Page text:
Russia Close to Sending Sustainable Mission to Mars

The 'Rocknest' site, which has been selected as the likely location for first use of the scoop on the arm of NASA's Mars rover Curiosity. Credit: NASA

Russia has come closer than other countries to launching sustainable long-term manned space missions, an expert said on Wednesday. “We expect positive results from experiments. Then we will be able to say whether or not we know how to provide for the vital life sustenance of cosmonauts during a long mission,” Vladimir Uiba, head of the Federal Medical and Biological Agency told ITAR-TASS. He said man would fly to Mars and beyond in the future, but “without experiments like those we are doing on Foton [satellite] no one can say how to provide sufficient supply of oxygen, food and so on for such a long flight”.

Giant Asteroids Battered Early Earth

An artistic conception of the early Earth, showing a surface pummeled by large impact, resulting in extrusion of deep seated magma onto the surface. At the same time, distal portion of the surface could have retained liquid water. Image Credit: Simone Marchi

New research shows that more than four billion years ago the surface of Earth was heavily reprocessed – or melted, mixed, and buried – as a result of giant asteroid impacts. A new terrestrial bombardment model, calibrated using existing lunar and terrestrial data, sheds light on the role asteroid collisions played in the evolution of the uppermost layers of the early Earth during the geologic eon called the "Hadean" (approximately 4 to 4.5 billion years ago). An international team of researchers from academic and government institutions, including NASA's Solar System Exploration Research Virtual Institute (SSERVI) at NASA's Ames Research Center in Moffett Field, California, published their findings in a paper, "Widespread Mixing and Burial of Earth's Hadean Crust by Asteroid Impacts" in the July 31, 2014 issue of Nature. "A large asteroid impact could have buried a substantial amount of Earth's crust with impact-generated melt," said Yvonne Pendleton, SSERVI Director at Ames. "This new model helps explain how repeated asteroid impacts may have buried Earth's earliest and oldest rocks."

Mercury's Magnetic Field Tells Scientists How Its Interior Is Different from Earth's

Artist's impression of MESSENGER spacecraft in Mercury's orbit. Credit: NASA

Earth and Mercury are both rocky planets with iron cores, but Mercury's interior differs from Earth's in a way that explains why the planet has such a bizarre magnetic field, University of California, Los Angeles (UCLA) planetary physicists and colleagues report. Measurements from NASA's Messenger spacecraft have revealed that Mercury's magnetic field is approximately three times stronger at its northern hemisphere than its southern one. In the current research, scientists led by Hao Cao, a UCLA postdoctoral scholar working in the laboratory of Christopher T. Russell, created a model to show how the dynamics of Mercury's core contribute to this unusual phenomenon. The magnetic fields that surround and shield many planets from the sun's energy-charged particles differ widely in strength. While Earth's is powerful, Jupiter's is more than 12 times stronger, and Mercury has a rather weak magnetic field. Venus likely has none at all. The magnetic fields of Earth, Jupiter and Saturn show very little difference between the planets' two hemispheres.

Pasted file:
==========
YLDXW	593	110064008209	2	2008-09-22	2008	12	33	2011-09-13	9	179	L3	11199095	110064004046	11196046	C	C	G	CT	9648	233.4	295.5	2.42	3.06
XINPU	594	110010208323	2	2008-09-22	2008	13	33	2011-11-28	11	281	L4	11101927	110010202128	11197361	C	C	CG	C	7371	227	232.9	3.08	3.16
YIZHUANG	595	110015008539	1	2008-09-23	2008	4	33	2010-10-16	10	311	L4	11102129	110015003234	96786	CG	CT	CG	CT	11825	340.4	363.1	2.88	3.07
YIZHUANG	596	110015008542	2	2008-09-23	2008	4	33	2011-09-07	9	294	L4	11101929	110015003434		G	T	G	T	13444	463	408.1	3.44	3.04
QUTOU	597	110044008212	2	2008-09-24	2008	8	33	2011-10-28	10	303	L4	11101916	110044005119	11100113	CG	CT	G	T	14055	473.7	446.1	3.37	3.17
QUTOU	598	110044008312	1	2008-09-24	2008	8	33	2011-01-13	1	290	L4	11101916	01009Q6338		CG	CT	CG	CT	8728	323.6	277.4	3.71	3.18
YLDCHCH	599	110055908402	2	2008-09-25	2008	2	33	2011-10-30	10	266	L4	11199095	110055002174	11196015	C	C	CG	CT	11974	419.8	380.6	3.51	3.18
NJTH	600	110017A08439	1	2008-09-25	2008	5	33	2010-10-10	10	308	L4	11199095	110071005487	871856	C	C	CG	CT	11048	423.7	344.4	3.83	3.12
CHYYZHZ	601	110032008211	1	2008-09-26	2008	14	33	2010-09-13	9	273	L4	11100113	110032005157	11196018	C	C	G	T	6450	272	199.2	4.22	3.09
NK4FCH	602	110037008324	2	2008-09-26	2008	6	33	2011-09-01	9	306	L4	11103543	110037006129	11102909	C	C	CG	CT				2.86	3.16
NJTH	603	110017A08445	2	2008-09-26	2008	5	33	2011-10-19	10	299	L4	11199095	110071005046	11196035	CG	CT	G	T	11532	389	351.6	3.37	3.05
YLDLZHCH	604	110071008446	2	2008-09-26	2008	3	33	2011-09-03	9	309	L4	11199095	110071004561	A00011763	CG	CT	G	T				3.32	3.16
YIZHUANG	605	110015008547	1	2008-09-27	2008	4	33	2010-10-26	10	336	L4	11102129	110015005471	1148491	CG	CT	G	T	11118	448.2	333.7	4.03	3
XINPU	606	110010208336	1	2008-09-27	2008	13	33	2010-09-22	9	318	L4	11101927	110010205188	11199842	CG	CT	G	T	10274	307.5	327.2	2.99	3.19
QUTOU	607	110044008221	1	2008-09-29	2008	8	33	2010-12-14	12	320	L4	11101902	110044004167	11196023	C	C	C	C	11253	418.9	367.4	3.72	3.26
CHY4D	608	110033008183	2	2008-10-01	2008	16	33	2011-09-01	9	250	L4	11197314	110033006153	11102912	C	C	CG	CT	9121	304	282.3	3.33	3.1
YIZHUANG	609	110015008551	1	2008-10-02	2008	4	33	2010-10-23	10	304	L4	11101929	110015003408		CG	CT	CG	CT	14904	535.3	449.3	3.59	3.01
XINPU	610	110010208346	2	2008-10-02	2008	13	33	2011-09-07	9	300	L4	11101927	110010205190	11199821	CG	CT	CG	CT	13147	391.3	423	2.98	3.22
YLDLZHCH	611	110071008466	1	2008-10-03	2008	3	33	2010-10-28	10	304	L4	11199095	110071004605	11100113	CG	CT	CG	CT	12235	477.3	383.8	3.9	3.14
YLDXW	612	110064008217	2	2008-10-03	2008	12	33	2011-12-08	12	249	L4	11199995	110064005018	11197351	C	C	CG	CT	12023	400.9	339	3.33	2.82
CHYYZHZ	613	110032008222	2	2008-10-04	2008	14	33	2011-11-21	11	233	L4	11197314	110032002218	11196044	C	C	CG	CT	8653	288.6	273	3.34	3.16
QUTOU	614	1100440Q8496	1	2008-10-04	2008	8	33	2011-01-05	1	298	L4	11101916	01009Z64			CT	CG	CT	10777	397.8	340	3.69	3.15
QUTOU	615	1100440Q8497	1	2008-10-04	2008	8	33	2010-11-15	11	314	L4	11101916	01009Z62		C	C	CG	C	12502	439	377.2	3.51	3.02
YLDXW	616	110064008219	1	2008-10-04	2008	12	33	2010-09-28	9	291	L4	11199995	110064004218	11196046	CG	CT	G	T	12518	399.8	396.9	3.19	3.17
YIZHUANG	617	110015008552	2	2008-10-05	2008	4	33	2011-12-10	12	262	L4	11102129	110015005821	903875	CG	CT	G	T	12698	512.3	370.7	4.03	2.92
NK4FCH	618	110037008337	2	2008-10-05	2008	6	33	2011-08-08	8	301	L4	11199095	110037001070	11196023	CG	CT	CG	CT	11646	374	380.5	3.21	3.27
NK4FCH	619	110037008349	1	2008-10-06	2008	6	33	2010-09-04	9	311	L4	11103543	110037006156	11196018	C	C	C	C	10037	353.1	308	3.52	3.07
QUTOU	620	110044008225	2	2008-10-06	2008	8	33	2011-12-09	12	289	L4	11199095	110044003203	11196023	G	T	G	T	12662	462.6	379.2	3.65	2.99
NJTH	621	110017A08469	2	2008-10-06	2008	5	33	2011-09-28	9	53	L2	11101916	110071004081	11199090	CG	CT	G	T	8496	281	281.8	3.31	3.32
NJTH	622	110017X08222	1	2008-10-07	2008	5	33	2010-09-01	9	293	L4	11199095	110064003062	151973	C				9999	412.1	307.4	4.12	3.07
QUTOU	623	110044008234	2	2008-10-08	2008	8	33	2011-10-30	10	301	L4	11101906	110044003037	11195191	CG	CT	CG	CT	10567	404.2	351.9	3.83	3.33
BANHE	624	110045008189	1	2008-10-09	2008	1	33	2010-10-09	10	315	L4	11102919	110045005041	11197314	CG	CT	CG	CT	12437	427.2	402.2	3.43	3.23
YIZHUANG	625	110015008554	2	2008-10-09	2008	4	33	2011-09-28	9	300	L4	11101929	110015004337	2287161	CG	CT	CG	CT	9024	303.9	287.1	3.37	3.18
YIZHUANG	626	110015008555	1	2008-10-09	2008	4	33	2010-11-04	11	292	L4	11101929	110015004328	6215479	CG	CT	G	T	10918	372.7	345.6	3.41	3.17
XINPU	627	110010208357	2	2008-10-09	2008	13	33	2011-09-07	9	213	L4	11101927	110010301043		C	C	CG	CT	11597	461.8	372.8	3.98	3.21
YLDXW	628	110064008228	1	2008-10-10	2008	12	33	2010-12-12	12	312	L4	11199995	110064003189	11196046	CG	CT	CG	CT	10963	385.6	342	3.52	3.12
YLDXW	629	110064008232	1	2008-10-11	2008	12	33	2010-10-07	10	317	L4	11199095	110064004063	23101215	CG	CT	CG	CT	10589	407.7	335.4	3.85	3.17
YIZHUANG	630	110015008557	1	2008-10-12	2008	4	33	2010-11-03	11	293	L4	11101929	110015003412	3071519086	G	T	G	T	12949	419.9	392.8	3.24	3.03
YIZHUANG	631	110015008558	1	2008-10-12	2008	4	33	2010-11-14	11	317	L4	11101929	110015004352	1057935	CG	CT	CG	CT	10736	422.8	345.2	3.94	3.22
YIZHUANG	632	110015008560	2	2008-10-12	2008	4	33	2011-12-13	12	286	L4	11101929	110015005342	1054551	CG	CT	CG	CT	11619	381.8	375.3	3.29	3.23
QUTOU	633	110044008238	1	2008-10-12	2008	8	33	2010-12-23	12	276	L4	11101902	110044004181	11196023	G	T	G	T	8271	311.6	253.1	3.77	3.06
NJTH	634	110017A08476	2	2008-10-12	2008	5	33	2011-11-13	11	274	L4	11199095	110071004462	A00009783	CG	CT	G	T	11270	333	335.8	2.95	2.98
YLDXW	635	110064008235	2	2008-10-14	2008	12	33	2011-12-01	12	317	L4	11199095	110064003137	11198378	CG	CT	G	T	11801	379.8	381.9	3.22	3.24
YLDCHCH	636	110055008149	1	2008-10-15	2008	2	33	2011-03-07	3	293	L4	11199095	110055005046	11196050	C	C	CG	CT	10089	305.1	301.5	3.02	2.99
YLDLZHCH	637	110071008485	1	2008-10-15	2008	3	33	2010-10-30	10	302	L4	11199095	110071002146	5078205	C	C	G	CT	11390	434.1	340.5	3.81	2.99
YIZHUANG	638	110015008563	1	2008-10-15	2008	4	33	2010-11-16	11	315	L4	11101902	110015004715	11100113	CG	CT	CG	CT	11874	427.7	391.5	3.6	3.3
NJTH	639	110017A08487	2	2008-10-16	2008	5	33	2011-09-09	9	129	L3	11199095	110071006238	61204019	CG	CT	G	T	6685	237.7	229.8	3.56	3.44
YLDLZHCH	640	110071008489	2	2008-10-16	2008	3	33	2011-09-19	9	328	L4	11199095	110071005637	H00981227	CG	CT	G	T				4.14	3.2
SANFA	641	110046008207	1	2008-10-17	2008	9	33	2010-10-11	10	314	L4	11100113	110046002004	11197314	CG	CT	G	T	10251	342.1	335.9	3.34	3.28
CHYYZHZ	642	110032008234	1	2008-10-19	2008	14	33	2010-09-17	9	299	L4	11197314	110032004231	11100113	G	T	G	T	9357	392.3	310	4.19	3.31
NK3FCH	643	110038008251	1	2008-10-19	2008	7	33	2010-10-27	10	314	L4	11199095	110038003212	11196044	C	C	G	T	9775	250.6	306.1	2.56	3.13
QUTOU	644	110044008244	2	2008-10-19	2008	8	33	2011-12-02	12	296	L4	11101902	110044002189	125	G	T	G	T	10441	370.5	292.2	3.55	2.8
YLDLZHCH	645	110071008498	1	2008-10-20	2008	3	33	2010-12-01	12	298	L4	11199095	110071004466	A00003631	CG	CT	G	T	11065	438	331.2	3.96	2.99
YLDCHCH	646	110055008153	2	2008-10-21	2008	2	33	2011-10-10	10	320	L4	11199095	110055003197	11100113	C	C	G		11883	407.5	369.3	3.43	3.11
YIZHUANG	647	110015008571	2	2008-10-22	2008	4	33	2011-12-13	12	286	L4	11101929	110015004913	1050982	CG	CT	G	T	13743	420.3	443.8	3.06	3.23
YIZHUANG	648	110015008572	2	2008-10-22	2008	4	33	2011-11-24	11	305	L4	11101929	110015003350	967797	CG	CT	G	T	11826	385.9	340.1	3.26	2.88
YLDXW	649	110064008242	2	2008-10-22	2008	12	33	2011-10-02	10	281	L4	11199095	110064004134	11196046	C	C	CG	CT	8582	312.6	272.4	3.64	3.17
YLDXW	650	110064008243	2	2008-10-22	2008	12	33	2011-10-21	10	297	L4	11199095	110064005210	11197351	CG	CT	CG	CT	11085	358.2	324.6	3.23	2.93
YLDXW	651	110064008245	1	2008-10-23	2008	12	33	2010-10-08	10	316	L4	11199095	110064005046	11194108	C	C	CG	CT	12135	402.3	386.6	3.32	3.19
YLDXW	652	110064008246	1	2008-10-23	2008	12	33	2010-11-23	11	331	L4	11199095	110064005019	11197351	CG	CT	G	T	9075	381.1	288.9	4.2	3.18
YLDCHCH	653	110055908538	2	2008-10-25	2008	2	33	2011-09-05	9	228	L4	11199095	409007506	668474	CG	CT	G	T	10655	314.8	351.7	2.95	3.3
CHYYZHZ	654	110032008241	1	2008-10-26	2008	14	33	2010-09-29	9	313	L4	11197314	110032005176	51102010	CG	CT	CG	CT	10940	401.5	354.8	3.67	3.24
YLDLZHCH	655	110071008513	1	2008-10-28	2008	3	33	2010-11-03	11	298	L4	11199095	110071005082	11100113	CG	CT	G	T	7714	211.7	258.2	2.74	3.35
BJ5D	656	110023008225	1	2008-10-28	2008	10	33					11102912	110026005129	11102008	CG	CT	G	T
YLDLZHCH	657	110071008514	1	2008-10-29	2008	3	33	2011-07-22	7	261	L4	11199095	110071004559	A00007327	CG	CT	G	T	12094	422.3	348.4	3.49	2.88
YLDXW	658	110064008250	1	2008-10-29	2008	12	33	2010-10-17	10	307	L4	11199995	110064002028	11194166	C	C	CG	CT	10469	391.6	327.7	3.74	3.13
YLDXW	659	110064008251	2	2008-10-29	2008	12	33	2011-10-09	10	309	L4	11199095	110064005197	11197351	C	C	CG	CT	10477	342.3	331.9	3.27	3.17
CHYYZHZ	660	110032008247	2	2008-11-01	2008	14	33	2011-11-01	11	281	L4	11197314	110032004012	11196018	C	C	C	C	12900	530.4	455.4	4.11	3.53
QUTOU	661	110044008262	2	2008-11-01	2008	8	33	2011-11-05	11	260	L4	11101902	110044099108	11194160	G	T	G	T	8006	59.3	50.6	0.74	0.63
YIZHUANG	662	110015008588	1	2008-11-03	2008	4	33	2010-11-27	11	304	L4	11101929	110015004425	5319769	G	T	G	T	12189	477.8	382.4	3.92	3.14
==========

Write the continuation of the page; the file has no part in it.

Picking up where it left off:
Finding NEEMO 18: Aquanauts Complete Underwater Mission

Four ‘aquanauts’ pose for an photo during their underwater NEEMO 18 training mission. Credit: NASA

Four astronauts splashed up from the depths of the Atlantic Ocean on July 29, bringing to a successful close the 18th NASA Extreme Environment Mission Operations (NEEMO) expedition. “Splashup” took place at 11:40 a.m. EDT Tuesday. Accompanied by two lab technicians, the crew, commander Akihiko Hoshide of the Japan Aerospace Exploration Agency, NASA’s Jeanette Epps and Mark Vande Hei, and Thomas Pesquet from the European Space Agency, spent nine days living and conducting research 62 feet below the surface in Florida International University’s Aquarius Reef Base undersea research habitat off the coast of Key Largo, Fla. They investigated tools, techniques and technologies that will benefit spacefarers aboard future International Space Station and long-duration exploration missions.